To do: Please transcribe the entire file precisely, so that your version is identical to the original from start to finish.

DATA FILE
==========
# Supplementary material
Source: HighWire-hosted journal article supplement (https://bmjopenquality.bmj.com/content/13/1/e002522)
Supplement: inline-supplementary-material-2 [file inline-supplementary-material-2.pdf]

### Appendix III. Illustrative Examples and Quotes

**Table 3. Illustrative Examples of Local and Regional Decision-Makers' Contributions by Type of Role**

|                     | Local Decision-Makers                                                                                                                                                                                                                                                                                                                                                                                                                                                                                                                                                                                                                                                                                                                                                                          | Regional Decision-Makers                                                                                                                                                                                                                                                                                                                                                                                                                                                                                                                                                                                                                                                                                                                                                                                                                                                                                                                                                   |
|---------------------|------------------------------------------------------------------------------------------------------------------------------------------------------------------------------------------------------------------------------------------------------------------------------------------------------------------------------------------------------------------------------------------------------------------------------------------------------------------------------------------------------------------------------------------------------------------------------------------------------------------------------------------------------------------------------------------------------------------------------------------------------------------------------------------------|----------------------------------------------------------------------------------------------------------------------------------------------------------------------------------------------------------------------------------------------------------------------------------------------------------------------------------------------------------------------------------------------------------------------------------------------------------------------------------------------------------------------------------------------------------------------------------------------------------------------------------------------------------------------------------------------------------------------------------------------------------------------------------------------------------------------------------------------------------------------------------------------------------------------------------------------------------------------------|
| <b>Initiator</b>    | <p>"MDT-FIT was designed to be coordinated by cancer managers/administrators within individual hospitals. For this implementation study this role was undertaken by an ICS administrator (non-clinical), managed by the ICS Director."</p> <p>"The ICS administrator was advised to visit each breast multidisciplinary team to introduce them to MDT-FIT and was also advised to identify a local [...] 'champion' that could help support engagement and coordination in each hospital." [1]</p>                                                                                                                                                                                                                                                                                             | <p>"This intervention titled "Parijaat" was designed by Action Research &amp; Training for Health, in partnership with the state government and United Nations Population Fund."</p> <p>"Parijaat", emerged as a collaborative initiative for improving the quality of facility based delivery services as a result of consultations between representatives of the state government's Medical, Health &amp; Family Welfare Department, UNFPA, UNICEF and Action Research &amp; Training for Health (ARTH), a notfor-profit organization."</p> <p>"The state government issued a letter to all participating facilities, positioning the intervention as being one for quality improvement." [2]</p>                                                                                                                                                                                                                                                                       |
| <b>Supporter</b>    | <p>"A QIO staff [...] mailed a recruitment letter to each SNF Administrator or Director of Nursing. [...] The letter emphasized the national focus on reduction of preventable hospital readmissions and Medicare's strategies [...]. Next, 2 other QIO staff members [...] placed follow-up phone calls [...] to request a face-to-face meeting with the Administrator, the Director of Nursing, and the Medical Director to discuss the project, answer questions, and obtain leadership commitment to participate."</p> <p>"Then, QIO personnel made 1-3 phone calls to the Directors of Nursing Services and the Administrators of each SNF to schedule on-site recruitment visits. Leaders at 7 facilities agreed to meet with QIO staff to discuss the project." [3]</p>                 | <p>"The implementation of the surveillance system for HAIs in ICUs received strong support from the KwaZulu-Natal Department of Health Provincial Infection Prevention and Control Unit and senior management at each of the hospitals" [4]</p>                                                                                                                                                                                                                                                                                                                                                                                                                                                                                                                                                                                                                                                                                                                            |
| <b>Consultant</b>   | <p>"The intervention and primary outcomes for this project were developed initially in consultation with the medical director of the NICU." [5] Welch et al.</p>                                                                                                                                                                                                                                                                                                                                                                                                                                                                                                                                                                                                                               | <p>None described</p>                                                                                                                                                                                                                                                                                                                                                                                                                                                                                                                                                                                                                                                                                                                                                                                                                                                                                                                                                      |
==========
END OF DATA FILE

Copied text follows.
# Supplementary material
Source: HighWire-hosted journal article supplement (https://bmjopenquality.bmj.com/content/13/1/e002522)
Supplement: inline-supplementary-material-2 [file inline-supplementary-material-2.pdf]

### Appendix III. Illustrative Examples and Quotes

**Table 3. Illustrative Examples of Local and Regional Decision-Makers' Contributions by Type of Role**

|                     | Local Decision-Makers                                                                                                                                                                                                                                                                                                                                                                                                                                                                                                                                                                                                                                                                                                                                                                          | Regional Decision-Makers                                                                                                                                                                                                                                                                                                                                                                                                                                                                                                                                                                                                                                                                                                                                                                                                                                                                                                                                                   |
|---------------------|------------------------------------------------------------------------------------------------------------------------------------------------------------------------------------------------------------------------------------------------------------------------------------------------------------------------------------------------------------------------------------------------------------------------------------------------------------------------------------------------------------------------------------------------------------------------------------------------------------------------------------------------------------------------------------------------------------------------------------------------------------------------------------------------|----------------------------------------------------------------------------------------------------------------------------------------------------------------------------------------------------------------------------------------------------------------------------------------------------------------------------------------------------------------------------------------------------------------------------------------------------------------------------------------------------------------------------------------------------------------------------------------------------------------------------------------------------------------------------------------------------------------------------------------------------------------------------------------------------------------------------------------------------------------------------------------------------------------------------------------------------------------------------|
| <b>Initiator</b>    | <p>"MDT-FIT was designed to be coordinated by cancer managers/administrators within individual hospitals. For this implementation study this role was undertaken by an ICS administrator (non-clinical), managed by the ICS Director."</p> <p>"The ICS administrator was advised to visit each breast multidisciplinary team to introduce them to MDT-FIT and was also advised to identify a local [...] 'champion' that could help support engagement and coordination in each hospital." [1]</p>                                                                                                                                                                                                                                                                                             | <p>"This intervention titled "Parijaat" was designed by Action Research &amp; Training for Health, in partnership with the state government and United Nations Population Fund."</p> <p>"Parijaat", emerged as a collaborative initiative for improving the quality of facility based delivery services as a result of consultations between representatives of the state government's Medical, Health &amp; Family Welfare Department, UNFPA, UNICEF and Action Research &amp; Training for Health (ARTH), a notfor-profit organization."</p> <p>"The state government issued a letter to all participating facilities, positioning the intervention as being one for quality improvement." [2]</p>                                                                                                                                                                                                                                                                       |
| <b>Supporter</b>    | <p>"A QIO staff [...] mailed a recruitment letter to each SNF Administrator or Director of Nursing. [...] The letter emphasized the national focus on reduction of preventable hospital readmissions and Medicare's strategies [...]. Next, 2 other QIO staff members [...] placed follow-up phone calls [...] to request a face-to-face meeting with the Administrator, the Director of Nursing, and the Medical Director to discuss the project, answer questions, and obtain leadership commitment to participate."</p> <p>"Then, QIO personnel made 1-3 phone calls to the Directors of Nursing Services and the Administrators of each SNF to schedule on-site recruitment visits. Leaders at 7 facilities agreed to meet with QIO staff to discuss the project." [3]</p>                 | <p>"The implementation of the surveillance system for HAIs in ICUs received strong support from the KwaZulu-Natal Department of Health Provincial Infection Prevention and Control Unit and senior management at each of the hospitals" [4]</p>                                                                                                                                                                                                                                                                                                                                                                                                                                                                                                                                                                                                                                                                                                                            |
| <b>Consultant</b>   | <p>"The intervention and primary outcomes for this project were developed initially in consultation with the medical director of the NICU." [5] Welch et al.</p>                                                                                                                                                                                                                                                                                                                                                                                                                                                                                                                                                                                                                               | <p>None described</p>                                                                                                                                                                                                                                                                                                                                                                                                                                                                                                                                                                                                                                                                                                                                                                                                                                                                                                                                                      |